Anxiety vs. Freedom
Everyone agrees the rampant disease in our Western culture is anxiety. The Atlantic has a recent video naming this condition even among the most successful young adults. One woman developed a facebook following beyond her dreams and yet she is left, not fulfilled, but anxious, dissatisfied, and burnt out.
One reason people come on retreat to Holy Hill is to relieve anxiety. To get away from the pressure of the pace and quantity of stimulation to the senses. Especially the on-line and noisy ones.
Fragmentation is another frequently noted feeling. Pope Francis says that once man has lost the fundamental orientation which unifies his existence, he breaks down into the multiplicity of his desires. We can lose focus. We can lose the plot. We say we want peace. Do we really mean we want freedom?
Paul Murray, O.P., reminds us that Catherine of Siena had a love affair with freedom. She considered it our best gift. She honours the gift of freedom given to intelligent men and women, telling God freedom is “the excellence of your creature.” The ability to choose our destiny. To say yes or no at each moment to freedom from the bondage of sin, and freedom for a new and open access to intimate union with God.
Anyone can create a self-image via facebook with photos and poses and descriptions that supposedly give one an identity. The problem is that a superficial facebook identity is probably the opposite of one’s true identity hidden in one’s depth, so unselfconscious that even you can’t see it. If you want to observe the ingredients of identity what about Elijah as described in 2Kings? We get a peek at the essence of his person as he both runs from God and listens to God. He is most truly himself when he declares before all the prophets of Baal, “Behold the living God in whose presence I stand.”
Anxiety or angst from the Greek means narrow space or constriction. And yet the Father’s message liberates us. No one is free unless he is free at the centre, says E. Stanley Jones. That means letting go of my plans, my schemes, letting time unfold. Waiting in hope without grasping ahead of time.
Because of this prevalence of angst, programs around mindfulness have become popular. Most would agree that slowing down, emptying out thoughts and worries, that focussing on the breath and breathing helps focus and unclutter the mind and heart. Does this mode of mindfulness lead to freedom? It’s a step, but there’s more. So much more. Do we have any sense of what we want freedom from? Or what we want freedom for? Do we acknowledge that we have a propensity for being enslaved and to escape this trap we need to really choose freedom? Catherine taught that the gates which guard the city of the soul are memory, understanding and will.
May I propose that all three help us in a brand of mindfulness that I recommend, namely what I call recollection. To re-collect oneself. To remember one’s philosophy of life. One’s fundamental orientation which unifies our existence. One’s plan for getting to our goal. And this can be done ever so simply if one remembers in whose presence I stand– the living God. “Be still and know that I am God.” Not just for 20 minutes, but as often as possible throughout the day. To re-collect memories is to remember the specific inspiration that has been laid before me today as the result of my morning prayer or meditation. It is to remember or keep in mind the dignity I have been given, the role I’ve been assigned, the values I cherish.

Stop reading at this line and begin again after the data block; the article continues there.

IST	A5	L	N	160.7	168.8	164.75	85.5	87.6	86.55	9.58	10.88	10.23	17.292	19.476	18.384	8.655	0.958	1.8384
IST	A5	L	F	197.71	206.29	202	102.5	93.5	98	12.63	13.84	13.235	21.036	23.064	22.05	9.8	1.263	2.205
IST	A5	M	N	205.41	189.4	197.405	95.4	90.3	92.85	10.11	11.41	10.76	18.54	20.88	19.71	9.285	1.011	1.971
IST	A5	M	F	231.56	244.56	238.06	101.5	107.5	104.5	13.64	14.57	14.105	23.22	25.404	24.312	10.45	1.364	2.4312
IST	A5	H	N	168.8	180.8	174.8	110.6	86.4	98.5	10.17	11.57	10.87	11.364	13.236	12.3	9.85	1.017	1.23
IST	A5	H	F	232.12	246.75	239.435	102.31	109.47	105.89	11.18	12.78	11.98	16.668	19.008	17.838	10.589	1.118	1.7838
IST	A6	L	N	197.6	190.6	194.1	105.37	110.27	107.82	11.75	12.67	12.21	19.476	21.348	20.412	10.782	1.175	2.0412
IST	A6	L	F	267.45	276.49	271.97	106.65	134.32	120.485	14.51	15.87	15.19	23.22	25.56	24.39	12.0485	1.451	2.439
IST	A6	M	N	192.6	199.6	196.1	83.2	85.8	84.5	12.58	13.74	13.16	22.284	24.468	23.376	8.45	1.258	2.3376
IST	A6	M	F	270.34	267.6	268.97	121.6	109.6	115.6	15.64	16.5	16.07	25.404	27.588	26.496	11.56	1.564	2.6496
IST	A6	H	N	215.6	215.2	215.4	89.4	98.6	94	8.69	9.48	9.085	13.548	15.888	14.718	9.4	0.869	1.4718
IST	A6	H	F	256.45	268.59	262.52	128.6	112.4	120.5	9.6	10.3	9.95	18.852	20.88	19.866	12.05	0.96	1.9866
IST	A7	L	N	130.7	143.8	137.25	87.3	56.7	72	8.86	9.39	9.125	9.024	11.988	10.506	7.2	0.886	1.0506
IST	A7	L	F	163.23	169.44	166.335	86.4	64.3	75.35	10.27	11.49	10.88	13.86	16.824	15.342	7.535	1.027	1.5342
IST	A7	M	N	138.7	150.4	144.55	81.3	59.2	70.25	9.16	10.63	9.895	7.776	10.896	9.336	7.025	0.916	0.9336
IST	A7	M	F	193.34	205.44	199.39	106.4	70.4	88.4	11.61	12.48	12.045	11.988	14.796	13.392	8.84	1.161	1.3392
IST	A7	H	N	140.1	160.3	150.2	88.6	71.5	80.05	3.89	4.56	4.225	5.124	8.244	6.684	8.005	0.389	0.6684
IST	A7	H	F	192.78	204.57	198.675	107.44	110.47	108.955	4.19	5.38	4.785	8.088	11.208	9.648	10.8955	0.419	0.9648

The understanding we possess can help us enormously with the recollection that leads to freedom. Thich Nhat Hanh teaches seeing and equanimity via a Sanskrit word, upeksha that means nonattachment, even-mindedness, or letting go. To look over the whole situation as if from above. Often what disturbs our peace and creates anxiety is a situation that involves someone who is disturbing us. If we can get some distance, to see from God’s point of view, if possible, to stand under or under-stand, we would be more disposed to forgive and overlook.
Lastly, we recollect ourselves and stay recollected through acts of the will, this most powerful and precious gift. Do we even believe that we have the immense power of will? Or do we simply slide into decisions and let things happen to us? “It is up to us to use the freedom we have been given to choose life or death,” says Catherine. “Bind yourself to the humble Lamb.”It takes practice to develop this habit. Be free of half-heartedness and sentimentality.
So, if you want to practice mindfulness, why not go all the way and fill your mind with the just right things? And guard your mind from disturbing thoughts that fuel disturbing emotions.